Velocity of Money

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The velocity of money then measures the circulation of the money supply; it measures the rate at which money is exchanged in an economy, and it has implications for economic growth via the equation of exchange (Velocity*Money Supply=GDP).  If there are more frequent transactions (purchases, sales, etc.), money moves between individuals more frequently, and velocity moves up; if there are less frequent transactions velocity falls.


“Invisible” Money

A common misinterpretation may occur when viewing the money creation process and it may go something like this: “Since the Fed can affect the monetary base, it can affect the M2 money supply and the velocity of money“.

However, the above misconception requires a correction, the Fed can not control the M2 money supply or the velocity of money, as the Fed can not create aggregate demand.

Why?

  1. The Fed can not control the M2 money supply:  While it can boost the monetary base, creating currency held by banks, the currency created may or may not be loaned out.  As discussed, the M2 money supply’s more significant influence comes from loans in the banking system — the aggregate decisions of banks and borrowers (i.e. Do they want to lend/borrow?).  As the Fed can not force people to borrow from banks, they can only create the potential for loans to take place — a pool of currency is created that remains “invisible” to the majority of the population unless it is loaned out, which may or may not happen; the decisions of banks and borrowers ultimately determine whether the money supply is loaned out.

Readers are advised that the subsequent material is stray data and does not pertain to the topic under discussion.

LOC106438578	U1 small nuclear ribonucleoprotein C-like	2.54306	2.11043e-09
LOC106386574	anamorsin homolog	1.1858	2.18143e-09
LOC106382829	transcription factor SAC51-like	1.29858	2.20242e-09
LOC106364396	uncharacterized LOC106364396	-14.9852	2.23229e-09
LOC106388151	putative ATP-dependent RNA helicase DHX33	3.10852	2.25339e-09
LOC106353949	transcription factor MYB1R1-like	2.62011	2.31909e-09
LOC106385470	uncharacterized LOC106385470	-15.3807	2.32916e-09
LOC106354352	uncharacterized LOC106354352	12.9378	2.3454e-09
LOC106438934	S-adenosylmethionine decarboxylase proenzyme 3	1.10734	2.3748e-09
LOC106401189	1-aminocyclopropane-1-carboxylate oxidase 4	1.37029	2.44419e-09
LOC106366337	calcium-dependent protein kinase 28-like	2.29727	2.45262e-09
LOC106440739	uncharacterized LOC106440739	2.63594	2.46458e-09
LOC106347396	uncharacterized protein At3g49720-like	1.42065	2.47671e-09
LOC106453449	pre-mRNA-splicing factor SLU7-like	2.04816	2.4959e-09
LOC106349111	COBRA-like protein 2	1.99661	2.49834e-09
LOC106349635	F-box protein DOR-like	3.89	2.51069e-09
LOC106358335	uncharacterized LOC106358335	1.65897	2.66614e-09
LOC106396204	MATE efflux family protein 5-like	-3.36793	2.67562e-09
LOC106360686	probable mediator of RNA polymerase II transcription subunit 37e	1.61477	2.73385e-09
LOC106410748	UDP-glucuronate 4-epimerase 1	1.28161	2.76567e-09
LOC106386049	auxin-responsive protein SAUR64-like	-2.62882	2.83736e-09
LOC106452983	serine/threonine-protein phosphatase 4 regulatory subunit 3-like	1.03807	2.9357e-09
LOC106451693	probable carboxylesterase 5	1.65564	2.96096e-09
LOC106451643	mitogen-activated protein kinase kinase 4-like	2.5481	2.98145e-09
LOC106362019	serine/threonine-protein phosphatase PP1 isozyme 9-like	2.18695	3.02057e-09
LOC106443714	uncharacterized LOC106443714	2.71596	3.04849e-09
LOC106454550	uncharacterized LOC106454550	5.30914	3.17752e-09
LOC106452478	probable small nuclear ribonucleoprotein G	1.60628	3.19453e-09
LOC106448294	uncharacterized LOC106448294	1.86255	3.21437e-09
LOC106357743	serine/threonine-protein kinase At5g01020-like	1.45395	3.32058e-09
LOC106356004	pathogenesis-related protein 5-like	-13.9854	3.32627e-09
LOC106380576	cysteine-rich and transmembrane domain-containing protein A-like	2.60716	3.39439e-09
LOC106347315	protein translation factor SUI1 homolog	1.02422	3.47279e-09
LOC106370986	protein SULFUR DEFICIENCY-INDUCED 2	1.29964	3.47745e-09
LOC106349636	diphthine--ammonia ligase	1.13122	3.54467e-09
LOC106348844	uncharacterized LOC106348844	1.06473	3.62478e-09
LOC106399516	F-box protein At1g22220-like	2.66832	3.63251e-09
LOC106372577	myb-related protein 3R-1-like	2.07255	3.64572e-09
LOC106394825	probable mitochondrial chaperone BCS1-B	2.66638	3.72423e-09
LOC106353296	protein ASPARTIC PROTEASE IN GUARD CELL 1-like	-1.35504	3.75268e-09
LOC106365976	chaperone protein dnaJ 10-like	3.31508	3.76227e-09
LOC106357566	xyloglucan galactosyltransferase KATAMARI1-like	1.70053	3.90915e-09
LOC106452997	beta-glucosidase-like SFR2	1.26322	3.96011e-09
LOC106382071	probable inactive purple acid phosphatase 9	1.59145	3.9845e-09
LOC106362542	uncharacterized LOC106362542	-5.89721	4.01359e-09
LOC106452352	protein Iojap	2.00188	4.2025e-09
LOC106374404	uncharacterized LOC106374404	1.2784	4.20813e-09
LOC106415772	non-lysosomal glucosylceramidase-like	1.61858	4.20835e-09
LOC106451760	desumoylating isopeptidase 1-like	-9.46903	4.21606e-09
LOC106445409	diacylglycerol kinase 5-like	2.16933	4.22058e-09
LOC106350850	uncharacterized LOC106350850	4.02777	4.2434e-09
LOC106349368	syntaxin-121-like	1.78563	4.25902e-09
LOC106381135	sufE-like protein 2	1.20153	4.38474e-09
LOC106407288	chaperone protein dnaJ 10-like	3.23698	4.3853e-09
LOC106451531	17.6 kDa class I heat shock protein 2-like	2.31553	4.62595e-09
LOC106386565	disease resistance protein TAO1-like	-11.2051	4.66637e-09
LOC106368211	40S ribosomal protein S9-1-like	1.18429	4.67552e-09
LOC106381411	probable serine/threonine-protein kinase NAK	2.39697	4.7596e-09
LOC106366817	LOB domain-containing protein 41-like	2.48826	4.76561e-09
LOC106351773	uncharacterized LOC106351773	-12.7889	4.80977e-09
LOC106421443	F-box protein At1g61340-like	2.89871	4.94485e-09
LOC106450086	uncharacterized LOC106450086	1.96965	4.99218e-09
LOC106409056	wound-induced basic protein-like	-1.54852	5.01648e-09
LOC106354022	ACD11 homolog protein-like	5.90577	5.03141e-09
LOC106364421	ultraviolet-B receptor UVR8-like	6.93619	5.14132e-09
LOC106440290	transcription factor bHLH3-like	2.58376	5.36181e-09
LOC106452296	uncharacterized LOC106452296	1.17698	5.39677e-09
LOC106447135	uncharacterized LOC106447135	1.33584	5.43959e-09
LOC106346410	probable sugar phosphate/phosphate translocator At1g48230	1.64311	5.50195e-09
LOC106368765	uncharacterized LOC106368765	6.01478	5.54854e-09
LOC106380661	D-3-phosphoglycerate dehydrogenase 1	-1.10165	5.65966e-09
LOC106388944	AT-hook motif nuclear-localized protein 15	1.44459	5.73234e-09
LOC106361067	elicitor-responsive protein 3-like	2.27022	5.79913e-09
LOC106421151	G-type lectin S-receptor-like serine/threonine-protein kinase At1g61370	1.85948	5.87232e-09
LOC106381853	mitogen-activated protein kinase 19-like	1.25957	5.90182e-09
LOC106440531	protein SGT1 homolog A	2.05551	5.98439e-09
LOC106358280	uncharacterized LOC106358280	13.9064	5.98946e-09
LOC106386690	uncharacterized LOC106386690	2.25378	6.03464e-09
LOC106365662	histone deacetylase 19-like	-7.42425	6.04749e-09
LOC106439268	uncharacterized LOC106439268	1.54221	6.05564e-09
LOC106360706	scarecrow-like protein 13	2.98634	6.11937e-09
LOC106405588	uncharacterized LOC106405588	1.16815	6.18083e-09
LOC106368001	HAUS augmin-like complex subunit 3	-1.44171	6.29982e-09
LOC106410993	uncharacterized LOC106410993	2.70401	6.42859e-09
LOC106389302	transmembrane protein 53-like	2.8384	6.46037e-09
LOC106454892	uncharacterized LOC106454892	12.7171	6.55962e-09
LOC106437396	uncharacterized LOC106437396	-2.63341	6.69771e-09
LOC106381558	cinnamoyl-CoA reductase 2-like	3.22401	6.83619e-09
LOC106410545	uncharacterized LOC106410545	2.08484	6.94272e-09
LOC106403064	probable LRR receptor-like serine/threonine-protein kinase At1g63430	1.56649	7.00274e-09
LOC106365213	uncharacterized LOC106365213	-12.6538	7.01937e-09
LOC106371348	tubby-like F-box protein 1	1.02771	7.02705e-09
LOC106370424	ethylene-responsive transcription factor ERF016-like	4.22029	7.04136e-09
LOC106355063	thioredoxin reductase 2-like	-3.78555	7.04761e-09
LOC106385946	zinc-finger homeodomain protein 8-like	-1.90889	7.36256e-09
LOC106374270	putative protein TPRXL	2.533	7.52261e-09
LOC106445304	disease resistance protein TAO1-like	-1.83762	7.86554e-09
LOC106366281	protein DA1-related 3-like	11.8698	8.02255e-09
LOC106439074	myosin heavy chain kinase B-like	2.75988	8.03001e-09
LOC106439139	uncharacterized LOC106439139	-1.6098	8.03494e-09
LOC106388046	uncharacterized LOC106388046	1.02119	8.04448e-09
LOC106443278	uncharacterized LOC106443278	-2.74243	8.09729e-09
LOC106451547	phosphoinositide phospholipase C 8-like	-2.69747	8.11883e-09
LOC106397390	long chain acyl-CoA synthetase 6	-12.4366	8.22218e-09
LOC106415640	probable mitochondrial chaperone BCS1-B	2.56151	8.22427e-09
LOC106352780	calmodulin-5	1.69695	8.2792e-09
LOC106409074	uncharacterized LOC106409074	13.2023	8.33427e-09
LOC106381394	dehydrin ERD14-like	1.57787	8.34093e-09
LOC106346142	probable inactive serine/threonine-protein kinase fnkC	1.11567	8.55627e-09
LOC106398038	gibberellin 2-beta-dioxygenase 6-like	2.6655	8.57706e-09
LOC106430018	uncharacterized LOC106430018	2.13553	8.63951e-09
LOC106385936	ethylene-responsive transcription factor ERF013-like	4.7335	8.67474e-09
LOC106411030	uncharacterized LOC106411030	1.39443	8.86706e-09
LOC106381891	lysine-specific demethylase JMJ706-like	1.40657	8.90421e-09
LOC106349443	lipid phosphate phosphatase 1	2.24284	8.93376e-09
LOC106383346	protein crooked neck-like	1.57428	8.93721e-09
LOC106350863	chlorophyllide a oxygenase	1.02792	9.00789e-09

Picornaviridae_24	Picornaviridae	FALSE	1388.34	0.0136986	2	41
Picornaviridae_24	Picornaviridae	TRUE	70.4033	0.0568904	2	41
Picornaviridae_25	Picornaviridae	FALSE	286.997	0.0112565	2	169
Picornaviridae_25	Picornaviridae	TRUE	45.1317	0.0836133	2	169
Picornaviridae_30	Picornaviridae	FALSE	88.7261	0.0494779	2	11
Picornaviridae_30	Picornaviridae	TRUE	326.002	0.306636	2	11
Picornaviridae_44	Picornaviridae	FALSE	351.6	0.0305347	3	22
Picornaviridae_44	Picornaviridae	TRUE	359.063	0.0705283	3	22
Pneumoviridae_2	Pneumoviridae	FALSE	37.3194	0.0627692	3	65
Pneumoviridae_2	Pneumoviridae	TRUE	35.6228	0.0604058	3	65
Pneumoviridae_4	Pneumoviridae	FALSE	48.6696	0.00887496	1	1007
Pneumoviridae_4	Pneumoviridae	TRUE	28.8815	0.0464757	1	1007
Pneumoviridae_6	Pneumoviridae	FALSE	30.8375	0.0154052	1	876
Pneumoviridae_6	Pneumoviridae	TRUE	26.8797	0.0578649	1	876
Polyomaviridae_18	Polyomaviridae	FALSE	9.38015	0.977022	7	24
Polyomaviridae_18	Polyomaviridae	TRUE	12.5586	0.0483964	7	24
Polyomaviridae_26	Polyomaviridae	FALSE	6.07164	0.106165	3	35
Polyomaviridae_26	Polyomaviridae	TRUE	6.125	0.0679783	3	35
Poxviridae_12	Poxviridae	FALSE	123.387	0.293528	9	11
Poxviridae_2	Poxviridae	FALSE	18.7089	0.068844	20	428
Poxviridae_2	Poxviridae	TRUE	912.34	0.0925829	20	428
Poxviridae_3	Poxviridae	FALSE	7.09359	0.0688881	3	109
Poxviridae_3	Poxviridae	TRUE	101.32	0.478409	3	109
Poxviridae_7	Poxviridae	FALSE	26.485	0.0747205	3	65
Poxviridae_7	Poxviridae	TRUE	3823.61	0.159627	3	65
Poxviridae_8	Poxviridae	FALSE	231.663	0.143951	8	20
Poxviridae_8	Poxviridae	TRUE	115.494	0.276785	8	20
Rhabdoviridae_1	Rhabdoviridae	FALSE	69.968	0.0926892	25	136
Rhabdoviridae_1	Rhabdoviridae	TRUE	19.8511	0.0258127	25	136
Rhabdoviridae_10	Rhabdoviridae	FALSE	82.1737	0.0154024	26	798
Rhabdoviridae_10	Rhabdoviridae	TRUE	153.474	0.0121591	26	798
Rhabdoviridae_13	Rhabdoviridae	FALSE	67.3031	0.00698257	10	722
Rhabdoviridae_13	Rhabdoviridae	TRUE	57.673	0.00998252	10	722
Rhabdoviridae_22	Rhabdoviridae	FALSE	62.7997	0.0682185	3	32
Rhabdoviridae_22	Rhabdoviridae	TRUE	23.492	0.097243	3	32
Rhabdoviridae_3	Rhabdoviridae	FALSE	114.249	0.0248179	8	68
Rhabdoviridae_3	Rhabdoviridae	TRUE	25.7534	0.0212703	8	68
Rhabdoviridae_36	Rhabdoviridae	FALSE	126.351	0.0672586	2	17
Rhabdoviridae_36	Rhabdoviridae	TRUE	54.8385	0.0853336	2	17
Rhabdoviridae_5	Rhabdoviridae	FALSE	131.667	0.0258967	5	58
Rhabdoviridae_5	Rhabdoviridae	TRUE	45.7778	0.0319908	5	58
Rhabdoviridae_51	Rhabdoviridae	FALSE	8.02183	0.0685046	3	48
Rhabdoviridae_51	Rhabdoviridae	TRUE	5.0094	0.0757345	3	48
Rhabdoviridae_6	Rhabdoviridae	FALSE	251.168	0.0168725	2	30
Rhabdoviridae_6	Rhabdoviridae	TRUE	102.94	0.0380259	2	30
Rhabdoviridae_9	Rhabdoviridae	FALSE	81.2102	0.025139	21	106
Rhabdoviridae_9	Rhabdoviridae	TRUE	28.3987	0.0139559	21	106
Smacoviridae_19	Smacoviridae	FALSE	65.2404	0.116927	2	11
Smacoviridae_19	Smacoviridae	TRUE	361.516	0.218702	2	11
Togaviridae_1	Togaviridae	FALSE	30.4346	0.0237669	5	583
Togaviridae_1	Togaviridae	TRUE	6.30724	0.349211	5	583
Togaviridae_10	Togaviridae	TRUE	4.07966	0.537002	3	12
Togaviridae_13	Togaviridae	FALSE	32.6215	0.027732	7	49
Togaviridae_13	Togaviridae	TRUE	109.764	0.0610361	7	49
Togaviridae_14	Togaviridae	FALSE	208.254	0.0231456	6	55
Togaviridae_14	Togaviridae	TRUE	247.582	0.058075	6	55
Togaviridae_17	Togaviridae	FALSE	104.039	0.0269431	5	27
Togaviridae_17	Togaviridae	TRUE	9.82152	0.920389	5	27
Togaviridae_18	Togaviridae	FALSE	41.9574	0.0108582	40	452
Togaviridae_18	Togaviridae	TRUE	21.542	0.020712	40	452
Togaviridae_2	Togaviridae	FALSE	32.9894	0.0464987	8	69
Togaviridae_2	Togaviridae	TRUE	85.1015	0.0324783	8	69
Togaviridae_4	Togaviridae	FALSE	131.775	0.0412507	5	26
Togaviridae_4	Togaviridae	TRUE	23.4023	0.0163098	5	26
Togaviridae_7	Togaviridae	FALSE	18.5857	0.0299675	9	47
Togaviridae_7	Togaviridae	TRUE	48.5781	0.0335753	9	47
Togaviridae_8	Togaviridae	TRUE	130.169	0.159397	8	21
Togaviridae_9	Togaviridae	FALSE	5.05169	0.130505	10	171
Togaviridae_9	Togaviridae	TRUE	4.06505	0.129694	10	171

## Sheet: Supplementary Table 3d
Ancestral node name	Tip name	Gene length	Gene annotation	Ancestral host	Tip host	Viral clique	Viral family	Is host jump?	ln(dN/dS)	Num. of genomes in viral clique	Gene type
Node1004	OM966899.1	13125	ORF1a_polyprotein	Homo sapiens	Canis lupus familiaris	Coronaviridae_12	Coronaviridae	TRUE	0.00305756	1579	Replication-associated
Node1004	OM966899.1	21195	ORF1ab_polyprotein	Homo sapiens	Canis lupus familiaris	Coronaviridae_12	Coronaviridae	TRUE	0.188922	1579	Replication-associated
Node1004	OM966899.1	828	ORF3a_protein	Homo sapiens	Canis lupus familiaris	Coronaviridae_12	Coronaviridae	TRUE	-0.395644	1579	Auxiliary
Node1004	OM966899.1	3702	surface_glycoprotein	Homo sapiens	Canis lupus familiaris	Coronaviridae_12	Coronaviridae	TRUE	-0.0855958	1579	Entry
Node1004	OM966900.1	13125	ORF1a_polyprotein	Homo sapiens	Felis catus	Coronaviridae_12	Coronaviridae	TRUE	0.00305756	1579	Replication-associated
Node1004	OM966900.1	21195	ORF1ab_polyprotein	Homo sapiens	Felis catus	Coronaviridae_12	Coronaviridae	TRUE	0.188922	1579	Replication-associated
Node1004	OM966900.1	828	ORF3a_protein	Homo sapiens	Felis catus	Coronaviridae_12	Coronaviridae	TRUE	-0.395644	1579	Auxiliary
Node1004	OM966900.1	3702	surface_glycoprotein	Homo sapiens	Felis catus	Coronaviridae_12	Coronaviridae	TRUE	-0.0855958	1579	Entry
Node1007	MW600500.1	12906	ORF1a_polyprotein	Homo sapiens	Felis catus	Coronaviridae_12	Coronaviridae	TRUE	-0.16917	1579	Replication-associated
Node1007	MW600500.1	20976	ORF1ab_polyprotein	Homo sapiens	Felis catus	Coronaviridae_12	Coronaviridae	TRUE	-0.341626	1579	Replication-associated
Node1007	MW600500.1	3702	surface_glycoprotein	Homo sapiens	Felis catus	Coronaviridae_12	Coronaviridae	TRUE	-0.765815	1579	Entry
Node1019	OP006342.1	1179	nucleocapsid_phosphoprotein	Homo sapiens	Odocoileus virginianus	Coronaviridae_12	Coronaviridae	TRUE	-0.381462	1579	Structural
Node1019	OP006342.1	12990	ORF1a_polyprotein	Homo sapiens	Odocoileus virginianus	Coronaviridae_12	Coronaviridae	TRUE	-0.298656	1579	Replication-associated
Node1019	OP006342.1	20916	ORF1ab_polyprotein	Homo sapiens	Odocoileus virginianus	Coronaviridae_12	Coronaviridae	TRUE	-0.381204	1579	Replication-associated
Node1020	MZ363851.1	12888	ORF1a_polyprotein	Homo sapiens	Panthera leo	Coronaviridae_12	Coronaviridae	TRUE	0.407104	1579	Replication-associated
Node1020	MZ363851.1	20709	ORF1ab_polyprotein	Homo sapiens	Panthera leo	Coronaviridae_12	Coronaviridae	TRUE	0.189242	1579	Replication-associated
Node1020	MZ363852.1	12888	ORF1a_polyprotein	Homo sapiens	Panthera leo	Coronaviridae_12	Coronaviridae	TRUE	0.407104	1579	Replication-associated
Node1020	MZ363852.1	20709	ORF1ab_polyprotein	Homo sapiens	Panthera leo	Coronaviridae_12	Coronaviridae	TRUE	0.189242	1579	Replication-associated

2. The Fed can not control the velocity of money:  If the M2 money supply expands, the velocity would need to remain stable for GDP to rise in proportion (Velocity*Money Supply=GDP); however, velocity is not stable — it’s affected by innovation and it’s very significantly affected by the productiveness of debt.

Productiveness of Debt

As discussed, when a debt is created, currency is simultaneously created in the banking system (the borrower receives currency, the lender holds the debt certificate); but it’s the quality of that loan that can change the velocity of money.  

If the loan is productive (i.e. creates an income stream to repay the principal amount borrowed and the interest on the debt) then velocity will rise, as GDP rises by more than the original amount borrowed; if the debt is unproductive — or counterproductive(debt detracts from future income) — there is not an income stream generated by the debt, and velocity falls as GDP does not rise by more than the original amount borrowed.

It is then that one can see that debt used only for consumption, or to pay interest, or that is defaulted on, is unproductive/counterproductive and leads to a fall in the velocity of money.

Monetary Policy Inefficacy

To solidify the understanding that central banks can not control money, velocity, or real long-term interest rates, there are several striking points to make – more specifically, those that highlight the inefficacy and dangerous nature of existing monetary policy: